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  January 9, 2017

House Passes Koch Brothers-Backed Legislation that Weakens Gov't Regulatory Agencies


Donald Trump criticized Republican candidates for being the "puppets" of the Koch Brothers, but now he's set to do their bidding if the Senate passes the REIN Act, says DeSmogBlog's Steve Horn
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biography

Steve Horn is a journalist based in Madison, Wisconsin. His work has been featured in The Guardian, The Nation, and Truthout. He is also a Research Fellow at DeSmogBlog.


transcript

House Passes Koch Brothers-Backed Legislation that Weakens Gov't 
Regulatory AgenciesKIM BROWN: Welcome to The Real News Network. I'm Kim Brown in Baltimore.

On Thursday evening, the newly convened Republican-led Congress pushed through a regulatory reform introduced as S21(?) -- the Regulations from the Executive in Need of Scrutiny, or REINS Act. It passed the House in a 237-187 vote, and the Koch brothers' front group FreedomWorks have praised the passage of the reform. The environmental group The National Resource Defense Council put out a statement condemning the move saying, "Industry would no longer have an incentive to work with regulatory agencies to craft sensible regulations and it allows Congress to overturn virtually any rule that they disliked."

And our next guest says that the REINS Act could weaken the ability of the federal regulatory agencies to do their jobs and that it its origin is in fact the Koch brothers' own organization the American Legislative Council.

Joining us from Indianapolis, Indiana, is Steve Horn. Steve is a research fellow for DeSmog Blog. He's also a Contributing Editor at CounterPunch magazine and a freelance investigative journalist whose work is featured in The Intercept, The Guardian, Vice News, Truthout and other publications. His recent article is "GOP Congress, Trump Already pushing Koch Industries' Bill to Hobble Regulatory Agencies". Steve, welcome back to The Real News.

STEVE HORN: Good to be back on. Thanks for having me.

KIM BROWN: So, Steve, help us unpack this if you could. So, what exactly is the Regulations from the Executive in Need of Scrutiny, or the REINS Act?

STEVE HORN: There are two answers to that question. The first one is: what's in the bill? Basically what the bill says and does, is it gives Congress 70 days to review any regulation put forward by a federal agency. If they do not move on that within 70 days, say, they just purposely stall, that regulation goes by the wayside. Then there's, they can't just do it vaguely, there has to be some sort of measurement.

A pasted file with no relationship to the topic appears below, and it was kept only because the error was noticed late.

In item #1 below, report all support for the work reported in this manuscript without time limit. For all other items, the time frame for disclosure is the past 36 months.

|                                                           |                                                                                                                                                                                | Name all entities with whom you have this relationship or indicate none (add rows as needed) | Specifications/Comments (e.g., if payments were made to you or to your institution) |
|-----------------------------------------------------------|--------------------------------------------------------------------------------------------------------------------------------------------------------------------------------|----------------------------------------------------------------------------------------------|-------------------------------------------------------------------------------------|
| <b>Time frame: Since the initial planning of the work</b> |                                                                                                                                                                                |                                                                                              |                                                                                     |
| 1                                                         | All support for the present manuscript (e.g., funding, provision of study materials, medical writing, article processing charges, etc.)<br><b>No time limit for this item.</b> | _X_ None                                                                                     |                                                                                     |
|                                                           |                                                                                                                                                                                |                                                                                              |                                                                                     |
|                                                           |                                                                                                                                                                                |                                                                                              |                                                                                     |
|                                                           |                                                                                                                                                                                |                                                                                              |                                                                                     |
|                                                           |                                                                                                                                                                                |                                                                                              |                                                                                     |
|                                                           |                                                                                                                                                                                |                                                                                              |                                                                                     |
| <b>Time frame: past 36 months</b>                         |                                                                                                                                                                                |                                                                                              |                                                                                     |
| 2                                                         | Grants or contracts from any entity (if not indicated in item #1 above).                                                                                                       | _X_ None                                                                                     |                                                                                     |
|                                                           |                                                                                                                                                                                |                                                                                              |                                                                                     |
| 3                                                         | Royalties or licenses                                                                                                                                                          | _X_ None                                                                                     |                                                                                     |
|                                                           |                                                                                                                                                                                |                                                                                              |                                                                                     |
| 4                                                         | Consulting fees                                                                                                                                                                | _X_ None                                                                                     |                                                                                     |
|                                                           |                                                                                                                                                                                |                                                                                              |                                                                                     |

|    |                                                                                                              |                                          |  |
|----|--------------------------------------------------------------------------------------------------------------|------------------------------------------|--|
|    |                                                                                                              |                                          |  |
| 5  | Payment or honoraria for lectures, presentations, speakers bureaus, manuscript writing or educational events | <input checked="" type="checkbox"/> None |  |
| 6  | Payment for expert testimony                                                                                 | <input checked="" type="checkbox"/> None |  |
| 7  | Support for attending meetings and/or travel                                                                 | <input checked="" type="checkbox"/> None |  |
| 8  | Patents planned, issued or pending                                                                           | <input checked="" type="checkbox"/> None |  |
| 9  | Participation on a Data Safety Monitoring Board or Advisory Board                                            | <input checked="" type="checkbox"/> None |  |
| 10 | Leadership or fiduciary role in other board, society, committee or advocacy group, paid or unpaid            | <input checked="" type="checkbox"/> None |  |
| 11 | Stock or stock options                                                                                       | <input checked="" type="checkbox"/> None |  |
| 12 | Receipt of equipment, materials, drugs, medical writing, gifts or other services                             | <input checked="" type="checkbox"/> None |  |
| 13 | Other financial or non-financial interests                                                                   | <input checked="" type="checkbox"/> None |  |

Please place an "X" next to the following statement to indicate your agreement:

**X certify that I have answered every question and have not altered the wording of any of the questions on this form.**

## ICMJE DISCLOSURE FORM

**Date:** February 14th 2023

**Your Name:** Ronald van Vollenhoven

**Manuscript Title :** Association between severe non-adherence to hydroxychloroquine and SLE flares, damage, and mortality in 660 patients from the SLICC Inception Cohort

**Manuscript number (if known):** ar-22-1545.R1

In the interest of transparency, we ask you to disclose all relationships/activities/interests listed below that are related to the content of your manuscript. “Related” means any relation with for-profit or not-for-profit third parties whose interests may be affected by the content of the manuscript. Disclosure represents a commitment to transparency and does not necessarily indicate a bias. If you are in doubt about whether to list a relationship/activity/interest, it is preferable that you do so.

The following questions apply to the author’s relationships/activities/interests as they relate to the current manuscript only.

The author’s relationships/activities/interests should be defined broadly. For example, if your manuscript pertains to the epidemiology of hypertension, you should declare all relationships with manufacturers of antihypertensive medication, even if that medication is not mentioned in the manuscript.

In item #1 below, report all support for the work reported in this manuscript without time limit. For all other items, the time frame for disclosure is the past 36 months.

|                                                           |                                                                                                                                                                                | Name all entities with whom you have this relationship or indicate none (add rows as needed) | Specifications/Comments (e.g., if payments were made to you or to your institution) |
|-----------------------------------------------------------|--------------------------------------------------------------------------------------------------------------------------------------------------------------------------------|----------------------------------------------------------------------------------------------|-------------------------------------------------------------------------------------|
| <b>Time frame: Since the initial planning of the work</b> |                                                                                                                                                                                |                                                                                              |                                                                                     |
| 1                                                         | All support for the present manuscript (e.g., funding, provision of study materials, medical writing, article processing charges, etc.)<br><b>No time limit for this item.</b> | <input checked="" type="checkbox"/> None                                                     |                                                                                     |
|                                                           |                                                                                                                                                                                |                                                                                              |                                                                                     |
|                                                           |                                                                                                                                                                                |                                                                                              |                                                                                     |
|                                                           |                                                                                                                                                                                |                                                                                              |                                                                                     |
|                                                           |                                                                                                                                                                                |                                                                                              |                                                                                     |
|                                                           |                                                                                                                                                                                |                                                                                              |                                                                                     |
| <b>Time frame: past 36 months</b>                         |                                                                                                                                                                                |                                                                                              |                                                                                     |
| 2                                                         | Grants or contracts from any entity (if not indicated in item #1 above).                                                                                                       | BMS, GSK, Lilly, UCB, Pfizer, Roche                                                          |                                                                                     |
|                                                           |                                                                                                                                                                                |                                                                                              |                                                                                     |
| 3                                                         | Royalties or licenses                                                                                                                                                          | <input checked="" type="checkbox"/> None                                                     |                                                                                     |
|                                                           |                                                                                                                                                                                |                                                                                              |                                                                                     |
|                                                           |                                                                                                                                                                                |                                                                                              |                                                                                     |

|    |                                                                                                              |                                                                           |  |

So, it's called, anything that is a major rule, which is defined as anything that costs over $100 million for businesses, which isn't really very much because I think that's actually defined as businesses-at-large in the United States, that's obviously only a tiny fraction of the U.S. economy. But then even if it didn't reach that $100 million mark in costs, there are other caveats in there about other sorts of costs, whether it's on consumers and others. So, basically there are several carve-outs that make it pretty easy for that to kick in. So, if it meets those criteria, then they have 70 days to review whether or not they want the regulation to go forward and they can choose to kick it by the wayside. So, that's sort of the first answer.

The second answer is sort of who came up with this idea? And what my investigation shows, is that, basically, this has been an idea for the past over a half decade now of, you know, Koch Industries and Koch-funded think tanks and advocacy groups like Americans for Prosperity. So, there's that part... that kind of opened up the whole bigger part of the story for me.

KIM BROWN: Well, Steve, let's take a look at a clip of Speaker Paul Ryan's Opening Day speech to the 115th Congress:

PAUL RYAN: This is the kind of thing that most of us only dreamed about. I know because I used to dream about this a lot. (laughs) The people have given us unified government and it wasn't because they were feeling generous. It was because they want results.

KIM BROWN: Well, this is not like Martin Luther King's "I have a dream", Steve. So, what is the dream that Paul Ryan is talking about? And what is the connection here to the FreedomWorks and Charles and David Koch?

STEVE HORN: Yeah. The speech that Paul Ryan gave basically pertained to the fact that, look, they have all three branches of government. They have the Supreme Court, most likely, going forward, because Trump was elected, a majority there. They have Congress in both chambers and they have Trump.

So, Trump has come out in support of this bill, actually -- that gets to the bigger story. You know, how are David and Charles Koch involved? Interestingly enough, the one time where Trump came out and talked about this particular piece of legislation was in a quote he gave to a guy by the name of Phil Kerpen. Phil Kerpen is a guy who, for several years, worked as the VP of Policy for Americans for Prosperity, which is a front group that was created by Koch Industries back in the late 2000s during the Obamacare debates. And Phil Kerpen, basically, now he doesn't work for Americans for Prosperity anymore, he works for a group as the President for American Commitment. But, on the record, he did say that he was in support of REIN so it raised the question of, why is he talking to Kerpen?

If you look back at Kerpen's record, he authored a book called "Democracy Derailed" about how Obama's regulations were, basically, usurping democracy in the United States. He created something called Obamachart.com which is a chart of all the regulations that were put forward by President Obama. And he said that the one solution to all of these regulations to stop this agenda would be the REINS Act -- you see the REINS Act at the bottom of that chart as the panacea for the problem.

And so, you look now, American Commitment, Phil Kerpen's organization has its own petition in support of this bill. It has garnered over 100,000 signatures. And you can look at their social media feed -- they're promoting this bill. As you mentioned, FreedomWorks is promoting it. Americans for Prosperity is promoting it. So, it's very clear this is something that is being pushed by Koch Industries through its front groups. But also, if you look at the lobbying records for this bill over the past half-decade in its various iterations -- it's always been called the REINS Act but it's never been passed -- Koch Industries has lobbied for it every single time that the bill has appeared at the federal level.